A group of crows is called a “murder.”
  It lines up in a festive parade of animal names: flock of sheep, herd of horses, pack of wolves, parliament of owls, cauldron of hawks, bouquet of pheasants, whiteness of swans, murmuration of starlings, gaggle of geese, improbability of shearwaters, newspaper syndicate of gannets, charm of finches, raft of ducks, exaltation of larks, unkindness of ravens.  The poor corvids scored low in the judging.
Murder as a group name for crows goes back at least to the 1400s in England.
  The American Society of Crows and Ravens suggests the origin of the name might be in the folk legend that crows, in their black robes, hold tribunals to judge and punish members of their flock exercising bad behavior.

If found guilty, the crow would be killed by the flock.  This notion, the society claims, may be based on observations that a crow will occasionally kill a dying crow that doesn’t belong in their territory or will feed on a dead crow.  In medieval times, crows scavenged human remains at gravesides, battlefields, and execution sites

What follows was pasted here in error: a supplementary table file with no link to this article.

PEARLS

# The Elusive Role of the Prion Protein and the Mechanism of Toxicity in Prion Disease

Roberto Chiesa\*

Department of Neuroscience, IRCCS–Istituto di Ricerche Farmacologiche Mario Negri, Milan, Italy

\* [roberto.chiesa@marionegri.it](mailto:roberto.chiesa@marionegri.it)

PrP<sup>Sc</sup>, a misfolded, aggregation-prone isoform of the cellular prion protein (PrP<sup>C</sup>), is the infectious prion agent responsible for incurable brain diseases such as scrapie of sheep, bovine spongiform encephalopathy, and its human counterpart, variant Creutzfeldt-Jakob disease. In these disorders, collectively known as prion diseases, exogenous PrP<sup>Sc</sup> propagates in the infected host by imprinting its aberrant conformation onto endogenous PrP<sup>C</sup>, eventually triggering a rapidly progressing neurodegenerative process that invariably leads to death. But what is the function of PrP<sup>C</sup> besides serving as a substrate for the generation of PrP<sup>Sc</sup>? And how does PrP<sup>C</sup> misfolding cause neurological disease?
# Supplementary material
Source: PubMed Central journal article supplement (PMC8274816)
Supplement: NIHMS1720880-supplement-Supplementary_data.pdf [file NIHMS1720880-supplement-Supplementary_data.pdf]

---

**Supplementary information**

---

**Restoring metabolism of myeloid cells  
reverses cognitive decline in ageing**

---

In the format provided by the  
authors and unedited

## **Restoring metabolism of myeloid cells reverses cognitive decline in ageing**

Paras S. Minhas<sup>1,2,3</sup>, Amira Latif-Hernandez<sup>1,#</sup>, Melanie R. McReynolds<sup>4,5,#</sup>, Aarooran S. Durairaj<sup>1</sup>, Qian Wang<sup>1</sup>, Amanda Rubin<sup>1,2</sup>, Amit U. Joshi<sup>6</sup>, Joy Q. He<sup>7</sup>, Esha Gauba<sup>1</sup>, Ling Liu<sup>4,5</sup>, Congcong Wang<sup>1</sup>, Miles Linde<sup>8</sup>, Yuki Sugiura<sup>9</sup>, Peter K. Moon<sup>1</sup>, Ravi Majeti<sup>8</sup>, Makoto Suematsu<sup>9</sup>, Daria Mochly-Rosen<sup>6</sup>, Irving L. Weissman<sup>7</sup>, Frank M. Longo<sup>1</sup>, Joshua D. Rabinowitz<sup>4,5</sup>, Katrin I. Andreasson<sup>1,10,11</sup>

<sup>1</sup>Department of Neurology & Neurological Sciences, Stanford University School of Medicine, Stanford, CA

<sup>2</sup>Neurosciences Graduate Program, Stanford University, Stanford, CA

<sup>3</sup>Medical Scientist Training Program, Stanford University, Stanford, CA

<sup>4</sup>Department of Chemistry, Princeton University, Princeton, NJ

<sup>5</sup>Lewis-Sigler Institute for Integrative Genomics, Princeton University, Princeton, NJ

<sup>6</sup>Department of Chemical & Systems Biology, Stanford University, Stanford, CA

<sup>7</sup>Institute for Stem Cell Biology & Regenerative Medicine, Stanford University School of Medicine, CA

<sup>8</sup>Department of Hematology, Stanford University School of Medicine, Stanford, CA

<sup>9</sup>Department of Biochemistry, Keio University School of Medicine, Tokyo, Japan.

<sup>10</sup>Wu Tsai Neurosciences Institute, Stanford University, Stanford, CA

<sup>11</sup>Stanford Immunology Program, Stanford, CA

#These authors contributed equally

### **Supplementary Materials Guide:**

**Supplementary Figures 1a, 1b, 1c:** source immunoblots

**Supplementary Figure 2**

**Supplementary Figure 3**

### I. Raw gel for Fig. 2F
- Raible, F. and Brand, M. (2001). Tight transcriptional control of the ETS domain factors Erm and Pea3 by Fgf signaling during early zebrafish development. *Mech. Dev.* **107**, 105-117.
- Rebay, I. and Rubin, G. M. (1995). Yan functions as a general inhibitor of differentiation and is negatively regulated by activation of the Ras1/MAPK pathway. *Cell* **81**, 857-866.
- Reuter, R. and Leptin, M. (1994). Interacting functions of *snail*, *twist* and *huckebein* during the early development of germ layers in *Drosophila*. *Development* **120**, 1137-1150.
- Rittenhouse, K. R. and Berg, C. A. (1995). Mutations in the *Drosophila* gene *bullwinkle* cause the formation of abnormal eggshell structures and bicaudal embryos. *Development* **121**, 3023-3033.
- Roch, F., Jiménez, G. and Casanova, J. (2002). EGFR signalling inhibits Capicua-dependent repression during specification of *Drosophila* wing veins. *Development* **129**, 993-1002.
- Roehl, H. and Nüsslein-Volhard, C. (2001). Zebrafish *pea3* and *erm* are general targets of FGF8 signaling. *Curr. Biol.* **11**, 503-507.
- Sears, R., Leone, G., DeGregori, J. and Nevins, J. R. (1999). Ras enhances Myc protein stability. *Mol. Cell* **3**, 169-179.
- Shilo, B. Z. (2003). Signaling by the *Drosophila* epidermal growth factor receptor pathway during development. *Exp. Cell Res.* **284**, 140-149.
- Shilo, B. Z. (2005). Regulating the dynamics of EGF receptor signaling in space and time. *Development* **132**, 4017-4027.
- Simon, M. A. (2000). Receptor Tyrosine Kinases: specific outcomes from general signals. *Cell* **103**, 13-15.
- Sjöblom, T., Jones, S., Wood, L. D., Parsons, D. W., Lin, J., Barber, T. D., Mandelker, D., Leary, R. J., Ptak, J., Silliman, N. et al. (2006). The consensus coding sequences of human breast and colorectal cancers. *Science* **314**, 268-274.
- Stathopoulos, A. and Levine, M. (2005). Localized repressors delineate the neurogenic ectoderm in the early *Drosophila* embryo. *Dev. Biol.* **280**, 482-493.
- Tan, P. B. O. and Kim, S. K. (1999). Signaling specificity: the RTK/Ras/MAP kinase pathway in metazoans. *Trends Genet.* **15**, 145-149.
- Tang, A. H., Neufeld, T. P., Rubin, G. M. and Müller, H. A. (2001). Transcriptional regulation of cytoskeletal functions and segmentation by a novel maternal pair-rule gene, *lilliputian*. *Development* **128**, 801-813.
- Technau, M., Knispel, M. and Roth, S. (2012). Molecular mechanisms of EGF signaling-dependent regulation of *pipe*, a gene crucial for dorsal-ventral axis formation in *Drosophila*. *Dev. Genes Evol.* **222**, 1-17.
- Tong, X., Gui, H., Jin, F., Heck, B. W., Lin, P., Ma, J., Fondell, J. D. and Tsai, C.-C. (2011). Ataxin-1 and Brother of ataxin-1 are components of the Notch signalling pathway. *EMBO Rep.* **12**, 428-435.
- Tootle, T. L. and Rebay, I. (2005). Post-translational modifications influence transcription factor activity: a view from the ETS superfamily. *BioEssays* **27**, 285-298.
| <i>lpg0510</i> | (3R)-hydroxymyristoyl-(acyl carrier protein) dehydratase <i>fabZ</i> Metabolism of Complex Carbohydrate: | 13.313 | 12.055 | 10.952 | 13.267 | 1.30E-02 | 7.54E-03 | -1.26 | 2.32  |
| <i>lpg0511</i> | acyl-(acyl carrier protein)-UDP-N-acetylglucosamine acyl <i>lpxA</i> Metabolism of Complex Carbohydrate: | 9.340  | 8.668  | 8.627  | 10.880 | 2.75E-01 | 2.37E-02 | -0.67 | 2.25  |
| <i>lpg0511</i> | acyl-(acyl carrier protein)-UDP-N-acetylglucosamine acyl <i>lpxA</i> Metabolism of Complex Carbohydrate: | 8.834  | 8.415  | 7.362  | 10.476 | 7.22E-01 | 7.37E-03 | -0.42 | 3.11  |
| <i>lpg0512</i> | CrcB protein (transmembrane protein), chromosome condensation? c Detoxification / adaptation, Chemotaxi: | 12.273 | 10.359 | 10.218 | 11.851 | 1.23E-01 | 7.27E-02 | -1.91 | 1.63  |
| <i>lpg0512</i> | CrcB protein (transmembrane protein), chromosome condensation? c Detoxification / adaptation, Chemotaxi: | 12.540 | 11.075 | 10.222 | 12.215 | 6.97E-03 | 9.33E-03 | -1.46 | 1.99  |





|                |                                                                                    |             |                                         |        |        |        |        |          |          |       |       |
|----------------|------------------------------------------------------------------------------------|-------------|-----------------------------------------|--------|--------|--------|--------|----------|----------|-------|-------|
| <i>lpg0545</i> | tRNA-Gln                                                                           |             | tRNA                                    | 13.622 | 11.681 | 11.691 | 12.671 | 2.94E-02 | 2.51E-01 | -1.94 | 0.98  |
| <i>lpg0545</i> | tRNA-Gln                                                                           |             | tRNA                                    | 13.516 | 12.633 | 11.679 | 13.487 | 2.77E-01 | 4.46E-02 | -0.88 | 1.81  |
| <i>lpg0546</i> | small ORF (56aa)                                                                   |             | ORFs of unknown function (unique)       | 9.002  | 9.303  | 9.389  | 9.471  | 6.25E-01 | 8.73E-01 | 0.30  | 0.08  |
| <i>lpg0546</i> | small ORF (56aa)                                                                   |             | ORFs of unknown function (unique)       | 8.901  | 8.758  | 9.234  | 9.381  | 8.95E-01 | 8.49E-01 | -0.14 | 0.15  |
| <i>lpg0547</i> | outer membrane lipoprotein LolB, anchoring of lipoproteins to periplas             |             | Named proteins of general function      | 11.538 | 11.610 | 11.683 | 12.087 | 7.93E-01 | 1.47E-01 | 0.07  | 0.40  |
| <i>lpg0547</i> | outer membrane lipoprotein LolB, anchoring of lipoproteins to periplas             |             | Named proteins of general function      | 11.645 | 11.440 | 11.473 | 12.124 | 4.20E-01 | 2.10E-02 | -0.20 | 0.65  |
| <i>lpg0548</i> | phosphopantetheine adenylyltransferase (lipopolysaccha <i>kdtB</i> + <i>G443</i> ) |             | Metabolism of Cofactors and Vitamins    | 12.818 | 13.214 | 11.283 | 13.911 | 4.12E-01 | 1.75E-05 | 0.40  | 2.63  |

Crows are smart.
  Crows use tools.  They adapt to city life.  They rival primates in cognitive ability.  In the wild, New Caledonia crows will use a twig to probe in a tree trunk for grubs.  In captivity, two crows sharing an enclosure learned to retrieve bits of pig heart, their favorite food, from a bucket.  The male chose the hooked wire, which did the job well, so the female took the straight wire and bent it into a hook, using it to lift the small bucket of food from a vertical pipe. She had no other crows to model the behavior, little training with pliable objects, and very limited experience with wire. Such skill at turning a found object into a tool is rare among animals. Chimpanzees presented with a similar task—using a length of pipe

to pass through a hole to retrieve an apple—failed until they were coached.
Since 1990 Japanese crows have been observed using cars to crack walnuts.
  The trees grow beside a street on a university campus.  The bird drop the nut into traffic and when it’s cracked, fly down to retrieve the meat.  Because traffic can be heavy on campus, the retrieval can be challenging.  So the crows have learned to drop the nuts onto crosswalks.  Crows and humans line up and wait on the sidewalk. When the cars stop, the bird hops into the street and safely retrieves the snack.  Crows in California have been seen using the crosswalk technique. The birds have long known how to drop clams onto rocks to break their shells.  But this behavior requires inferential thinking: if I drop this nut here, it will be cracked open by the passing cars.